was taken to the Great Lakes, her last known

whereabouts.

Catalog Nos. 46.10 & .11

mm
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76

77

AILENROC II, A RAISED-DECK POWER CRUISER OF 1932

rri

1 he designing and building of new yachts plummeted with the Great Depression, and two years passed before a commission came in for Ailenroc, Warner's second complete design. Portland Boat Works just across the Connecticut River from
,

readers became clients. As would also become

Warners office, built Ailenroc for Charles Killam

,

and both Yachting and The Rudder gave the design good coverage after launching with Yachting (September 1932) running a two-page spread with photographs. Having your design
,

published in a magazine s design section was good for business-it amounted to free advertisingand Warner routinely sent photo prints of the key drawings, along with a general description, of each new design. As a result, most were accepted and published, and yachtsmen throughout the country soon came to know and appreciate Winthrop Warner's fine work. Some of those

'

Warner's practice, he used the Ailenroc design as a by any means, but by altering the length of the raised deck, repositioning the standing shelter and rearranging things below deck he saved the work of drawing new lines and construction plans and could offer a variety of what might appear to be new designs to potential clients having varying requirements and tastes. A favorite and enhancing Warner trademark appears on Ailenroc's profile
basis for several others. Not all were built
, , ,

drawing, as it did earlier on Felisi's-the carved
scrollwork at the forward and aft ends of the

covestripe which has been cut into the hull just below the sheer. Painted a contrasting color and especially if done up in gold leaf these coves and scrolls invariably add a touch of elegance.
, ,

Catalog No. 46.5

78

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79

A FROSTBITE DINGHY OF 1933
ir6"x4'6"

Racing open dinghies in winter became a popular
sport in the early 1930s, and, in addition to this design by Warner which resulted in nearly 30 boats there were many others built to the designs
,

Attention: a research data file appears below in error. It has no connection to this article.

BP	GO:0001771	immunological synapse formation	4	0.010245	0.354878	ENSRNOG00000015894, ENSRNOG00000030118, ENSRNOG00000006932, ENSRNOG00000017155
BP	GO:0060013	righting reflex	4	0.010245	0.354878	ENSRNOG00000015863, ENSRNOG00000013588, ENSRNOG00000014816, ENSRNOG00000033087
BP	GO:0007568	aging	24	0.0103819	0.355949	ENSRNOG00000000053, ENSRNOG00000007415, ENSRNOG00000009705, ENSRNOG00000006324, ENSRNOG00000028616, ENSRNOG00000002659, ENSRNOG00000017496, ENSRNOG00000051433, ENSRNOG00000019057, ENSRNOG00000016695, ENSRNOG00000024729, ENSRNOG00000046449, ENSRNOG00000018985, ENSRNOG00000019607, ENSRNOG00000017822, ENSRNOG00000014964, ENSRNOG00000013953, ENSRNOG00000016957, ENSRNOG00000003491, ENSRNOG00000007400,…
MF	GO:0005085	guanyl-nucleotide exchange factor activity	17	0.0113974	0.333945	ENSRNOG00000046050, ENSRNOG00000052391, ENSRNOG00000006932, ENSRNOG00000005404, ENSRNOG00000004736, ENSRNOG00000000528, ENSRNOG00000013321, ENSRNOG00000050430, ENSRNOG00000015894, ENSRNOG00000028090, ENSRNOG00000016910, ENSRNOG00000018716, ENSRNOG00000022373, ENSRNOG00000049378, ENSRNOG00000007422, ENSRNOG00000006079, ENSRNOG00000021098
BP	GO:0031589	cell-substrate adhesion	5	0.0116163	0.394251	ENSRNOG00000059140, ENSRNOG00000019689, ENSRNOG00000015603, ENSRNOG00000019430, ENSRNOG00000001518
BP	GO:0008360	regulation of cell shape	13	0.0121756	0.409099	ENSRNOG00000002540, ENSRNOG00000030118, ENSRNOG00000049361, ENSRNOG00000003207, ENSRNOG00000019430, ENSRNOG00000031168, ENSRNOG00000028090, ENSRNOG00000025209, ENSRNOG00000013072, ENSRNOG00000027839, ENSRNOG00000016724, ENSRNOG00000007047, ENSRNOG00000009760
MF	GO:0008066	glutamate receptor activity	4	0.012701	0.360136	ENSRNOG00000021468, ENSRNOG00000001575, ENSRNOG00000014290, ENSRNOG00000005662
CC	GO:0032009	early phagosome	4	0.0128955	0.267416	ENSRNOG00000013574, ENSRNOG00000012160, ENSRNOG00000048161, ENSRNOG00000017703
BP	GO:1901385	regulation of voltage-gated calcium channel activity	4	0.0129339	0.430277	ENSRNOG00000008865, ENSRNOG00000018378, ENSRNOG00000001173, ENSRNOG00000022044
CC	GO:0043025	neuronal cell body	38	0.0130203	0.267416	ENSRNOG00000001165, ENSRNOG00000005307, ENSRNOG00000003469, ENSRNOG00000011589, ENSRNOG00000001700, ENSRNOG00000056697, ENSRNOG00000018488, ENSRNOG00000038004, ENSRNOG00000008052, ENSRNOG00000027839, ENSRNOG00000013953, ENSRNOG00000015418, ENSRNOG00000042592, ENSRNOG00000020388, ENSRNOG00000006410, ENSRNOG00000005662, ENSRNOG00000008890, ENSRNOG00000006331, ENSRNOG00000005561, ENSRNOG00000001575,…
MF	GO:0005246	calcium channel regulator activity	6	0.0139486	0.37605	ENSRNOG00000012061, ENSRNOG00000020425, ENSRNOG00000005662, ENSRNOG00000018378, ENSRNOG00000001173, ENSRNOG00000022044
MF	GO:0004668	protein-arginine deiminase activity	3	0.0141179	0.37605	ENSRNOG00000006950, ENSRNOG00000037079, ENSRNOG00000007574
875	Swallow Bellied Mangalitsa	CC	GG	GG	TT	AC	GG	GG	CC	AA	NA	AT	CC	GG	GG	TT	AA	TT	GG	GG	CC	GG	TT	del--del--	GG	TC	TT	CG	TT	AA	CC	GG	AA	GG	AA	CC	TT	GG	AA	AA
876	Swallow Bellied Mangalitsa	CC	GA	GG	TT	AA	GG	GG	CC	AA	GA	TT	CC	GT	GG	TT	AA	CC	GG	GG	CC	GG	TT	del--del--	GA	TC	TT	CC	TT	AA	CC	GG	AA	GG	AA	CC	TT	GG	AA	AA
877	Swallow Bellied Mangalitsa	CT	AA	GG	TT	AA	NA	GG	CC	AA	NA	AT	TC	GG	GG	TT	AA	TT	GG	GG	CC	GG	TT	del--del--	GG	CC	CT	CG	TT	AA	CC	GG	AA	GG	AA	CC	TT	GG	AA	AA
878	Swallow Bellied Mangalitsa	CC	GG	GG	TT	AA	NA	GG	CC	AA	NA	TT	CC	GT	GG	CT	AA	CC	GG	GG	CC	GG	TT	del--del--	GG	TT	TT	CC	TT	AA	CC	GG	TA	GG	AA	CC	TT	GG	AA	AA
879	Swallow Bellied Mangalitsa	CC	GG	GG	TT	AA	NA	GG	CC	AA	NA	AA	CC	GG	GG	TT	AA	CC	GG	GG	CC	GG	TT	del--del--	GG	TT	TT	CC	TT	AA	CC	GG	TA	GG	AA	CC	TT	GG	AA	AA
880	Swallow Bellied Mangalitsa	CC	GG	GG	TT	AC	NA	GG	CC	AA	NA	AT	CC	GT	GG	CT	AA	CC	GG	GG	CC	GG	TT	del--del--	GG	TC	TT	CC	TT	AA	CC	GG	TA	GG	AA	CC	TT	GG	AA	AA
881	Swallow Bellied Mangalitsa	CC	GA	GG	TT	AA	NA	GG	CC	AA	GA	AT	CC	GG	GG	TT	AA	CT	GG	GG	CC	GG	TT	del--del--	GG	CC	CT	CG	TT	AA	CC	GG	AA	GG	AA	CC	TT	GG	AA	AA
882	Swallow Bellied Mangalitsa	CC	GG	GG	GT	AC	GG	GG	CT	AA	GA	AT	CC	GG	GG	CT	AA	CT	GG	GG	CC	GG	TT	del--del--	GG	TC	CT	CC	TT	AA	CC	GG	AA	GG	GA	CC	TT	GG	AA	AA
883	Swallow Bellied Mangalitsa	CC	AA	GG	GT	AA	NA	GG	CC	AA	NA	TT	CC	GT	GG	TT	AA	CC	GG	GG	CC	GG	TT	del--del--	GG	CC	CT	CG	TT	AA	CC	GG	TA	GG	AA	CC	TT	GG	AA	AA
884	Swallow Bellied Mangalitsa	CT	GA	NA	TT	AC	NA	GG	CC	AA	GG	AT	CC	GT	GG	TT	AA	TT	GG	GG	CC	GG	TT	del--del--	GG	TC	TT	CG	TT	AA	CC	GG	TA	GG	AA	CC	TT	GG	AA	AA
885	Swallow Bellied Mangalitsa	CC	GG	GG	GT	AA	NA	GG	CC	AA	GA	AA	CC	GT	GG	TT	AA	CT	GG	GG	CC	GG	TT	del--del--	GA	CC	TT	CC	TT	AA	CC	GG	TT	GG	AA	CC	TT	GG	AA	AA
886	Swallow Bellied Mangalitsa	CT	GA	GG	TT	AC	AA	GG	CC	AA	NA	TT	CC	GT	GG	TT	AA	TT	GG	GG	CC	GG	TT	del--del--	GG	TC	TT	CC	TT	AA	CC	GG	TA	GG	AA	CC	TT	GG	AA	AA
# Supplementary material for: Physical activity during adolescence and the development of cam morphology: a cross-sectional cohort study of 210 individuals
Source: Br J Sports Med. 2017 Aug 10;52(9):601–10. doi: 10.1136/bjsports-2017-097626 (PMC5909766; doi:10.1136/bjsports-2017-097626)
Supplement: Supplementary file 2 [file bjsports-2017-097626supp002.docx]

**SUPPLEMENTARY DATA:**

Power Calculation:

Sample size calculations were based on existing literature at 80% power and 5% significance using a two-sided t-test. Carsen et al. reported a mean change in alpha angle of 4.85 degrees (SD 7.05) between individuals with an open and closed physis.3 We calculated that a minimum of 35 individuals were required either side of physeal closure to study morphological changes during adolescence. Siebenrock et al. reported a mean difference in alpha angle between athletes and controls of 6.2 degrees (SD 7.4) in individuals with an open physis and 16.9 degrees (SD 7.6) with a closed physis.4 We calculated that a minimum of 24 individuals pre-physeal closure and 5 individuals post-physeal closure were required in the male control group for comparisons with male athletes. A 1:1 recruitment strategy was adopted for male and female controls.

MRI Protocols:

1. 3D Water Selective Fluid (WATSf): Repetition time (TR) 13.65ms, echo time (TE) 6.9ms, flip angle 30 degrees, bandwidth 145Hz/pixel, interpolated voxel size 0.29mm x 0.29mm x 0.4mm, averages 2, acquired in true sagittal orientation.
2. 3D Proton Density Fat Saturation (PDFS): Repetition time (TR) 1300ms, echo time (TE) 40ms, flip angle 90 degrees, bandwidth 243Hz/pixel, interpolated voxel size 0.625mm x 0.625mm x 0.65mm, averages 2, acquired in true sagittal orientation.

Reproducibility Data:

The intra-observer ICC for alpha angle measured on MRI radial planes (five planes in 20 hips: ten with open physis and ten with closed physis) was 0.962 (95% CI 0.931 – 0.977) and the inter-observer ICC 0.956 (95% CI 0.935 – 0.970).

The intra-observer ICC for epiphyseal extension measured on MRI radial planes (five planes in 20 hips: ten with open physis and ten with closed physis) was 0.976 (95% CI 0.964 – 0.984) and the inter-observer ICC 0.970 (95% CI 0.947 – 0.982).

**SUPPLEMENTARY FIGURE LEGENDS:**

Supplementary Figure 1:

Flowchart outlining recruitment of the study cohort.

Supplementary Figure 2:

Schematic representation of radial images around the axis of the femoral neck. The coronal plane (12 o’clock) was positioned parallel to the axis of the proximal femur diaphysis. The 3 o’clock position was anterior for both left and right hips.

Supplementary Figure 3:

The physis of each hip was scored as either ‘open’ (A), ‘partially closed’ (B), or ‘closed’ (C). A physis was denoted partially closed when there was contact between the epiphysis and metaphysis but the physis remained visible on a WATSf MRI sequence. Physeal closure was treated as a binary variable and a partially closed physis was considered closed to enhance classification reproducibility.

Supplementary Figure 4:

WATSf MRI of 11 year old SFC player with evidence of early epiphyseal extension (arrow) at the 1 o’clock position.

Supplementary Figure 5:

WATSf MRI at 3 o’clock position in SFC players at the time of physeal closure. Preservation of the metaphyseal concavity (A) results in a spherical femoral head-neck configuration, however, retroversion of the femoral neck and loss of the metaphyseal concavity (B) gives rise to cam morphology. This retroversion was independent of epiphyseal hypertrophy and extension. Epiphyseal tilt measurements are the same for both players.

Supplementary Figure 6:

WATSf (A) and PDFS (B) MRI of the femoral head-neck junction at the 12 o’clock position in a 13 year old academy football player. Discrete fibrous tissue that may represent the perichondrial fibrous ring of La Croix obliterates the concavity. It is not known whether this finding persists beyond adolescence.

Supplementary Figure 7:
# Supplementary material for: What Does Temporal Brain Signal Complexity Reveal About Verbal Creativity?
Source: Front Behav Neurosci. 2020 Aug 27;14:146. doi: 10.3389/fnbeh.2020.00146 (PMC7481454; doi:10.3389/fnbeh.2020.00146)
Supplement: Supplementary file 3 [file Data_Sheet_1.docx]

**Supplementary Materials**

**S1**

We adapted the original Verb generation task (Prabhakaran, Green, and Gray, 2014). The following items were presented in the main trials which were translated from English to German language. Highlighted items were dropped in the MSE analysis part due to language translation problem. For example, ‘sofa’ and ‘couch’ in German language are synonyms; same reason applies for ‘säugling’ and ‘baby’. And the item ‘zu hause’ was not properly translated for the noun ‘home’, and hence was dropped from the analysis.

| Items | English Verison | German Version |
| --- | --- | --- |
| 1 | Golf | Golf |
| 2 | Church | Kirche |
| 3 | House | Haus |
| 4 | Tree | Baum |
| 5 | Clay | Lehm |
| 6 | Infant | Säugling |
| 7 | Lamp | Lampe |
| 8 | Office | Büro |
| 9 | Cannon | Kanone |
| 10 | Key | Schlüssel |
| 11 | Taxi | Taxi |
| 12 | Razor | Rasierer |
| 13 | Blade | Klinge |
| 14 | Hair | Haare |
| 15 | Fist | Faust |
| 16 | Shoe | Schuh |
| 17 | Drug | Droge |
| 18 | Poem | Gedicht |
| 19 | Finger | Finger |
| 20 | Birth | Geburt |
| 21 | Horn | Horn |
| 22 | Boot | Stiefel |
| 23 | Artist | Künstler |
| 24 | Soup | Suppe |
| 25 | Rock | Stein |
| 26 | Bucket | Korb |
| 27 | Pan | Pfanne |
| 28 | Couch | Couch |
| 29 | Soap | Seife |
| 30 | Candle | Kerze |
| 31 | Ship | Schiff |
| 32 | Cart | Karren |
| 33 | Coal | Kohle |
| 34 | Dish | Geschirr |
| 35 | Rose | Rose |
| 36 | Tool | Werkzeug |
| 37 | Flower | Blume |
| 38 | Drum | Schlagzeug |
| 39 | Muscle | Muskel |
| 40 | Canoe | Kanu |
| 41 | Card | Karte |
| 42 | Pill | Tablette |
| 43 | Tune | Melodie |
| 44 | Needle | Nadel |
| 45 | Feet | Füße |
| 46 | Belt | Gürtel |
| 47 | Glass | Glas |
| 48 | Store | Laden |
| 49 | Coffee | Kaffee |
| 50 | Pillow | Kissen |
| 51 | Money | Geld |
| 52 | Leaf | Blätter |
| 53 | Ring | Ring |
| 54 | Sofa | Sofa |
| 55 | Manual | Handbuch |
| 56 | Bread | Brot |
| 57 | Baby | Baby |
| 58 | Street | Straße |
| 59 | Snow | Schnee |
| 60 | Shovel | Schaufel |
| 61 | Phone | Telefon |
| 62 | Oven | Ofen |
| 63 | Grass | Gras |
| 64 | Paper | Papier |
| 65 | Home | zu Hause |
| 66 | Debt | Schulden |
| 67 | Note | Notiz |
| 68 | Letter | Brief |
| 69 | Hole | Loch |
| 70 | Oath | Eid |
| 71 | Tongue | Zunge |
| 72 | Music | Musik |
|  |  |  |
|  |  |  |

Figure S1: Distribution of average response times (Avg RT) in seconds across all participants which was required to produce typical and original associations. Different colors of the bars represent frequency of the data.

of leading naval architects of the day. Among them were John G. Alden Sidney Herreshoff, Bill Dyer,
,

Colin Ratsey, Fred Goeller, Norman Skene, Charles Mower, and Francis Sweisguth. This Class A dinghy, at times known as the Seaway Dinghy
,

conformed to the Rules of the North American

Dinghy Assn. This meant, for Class A

,

that the

boat had to be an all-around tender that could be

taken on the deck of a larger yacht, be either towed or rowed, and carry up to five persons. A Class A dinghy had to weigh at least 150 pounds have no more than 72 square feet of sail and be protected from marring other boats' topsides and kept afloat after a capsize by means of a wraparound cork or kapok-filled canvas fender. Warner and the other designers participated in the racing, and records indicate that Warner at various times, campaigned
, ,
,

three different frostbiters. Most of these boats-28 of them, in fact-went to the American Yacht Club

in Rye, New York. Like most dinghies of the era the plans call for lapstrake cedar planking %2"

,

Warner adapted the Class A dinghy's lines plan to Class B for The Rudder's Frostbite design contest the winner of which would be adopted as a onedesign racing class. Here marconi rigs were per, ,

mitted and thwarts for five and fender rails were
,

thick, which was the minimum allowable. In 1934,

no longer necessary.

Catalog No. 46.14

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80

THE INDIAN RIVER CLASS SLOOP OF 1959
13'6" x 5'10"

\
In 1959, after he moved to Vero Beach, Florida,
WLW drew the plans for this decked sloop to be

built of W plywood over sawn frames of spruce.
Most novel are the bilgeboards, in place of the usual centerboard, that have been incorporated into the cockpit seats and canted outboard so that
when the boat is heeled, the leeward board will be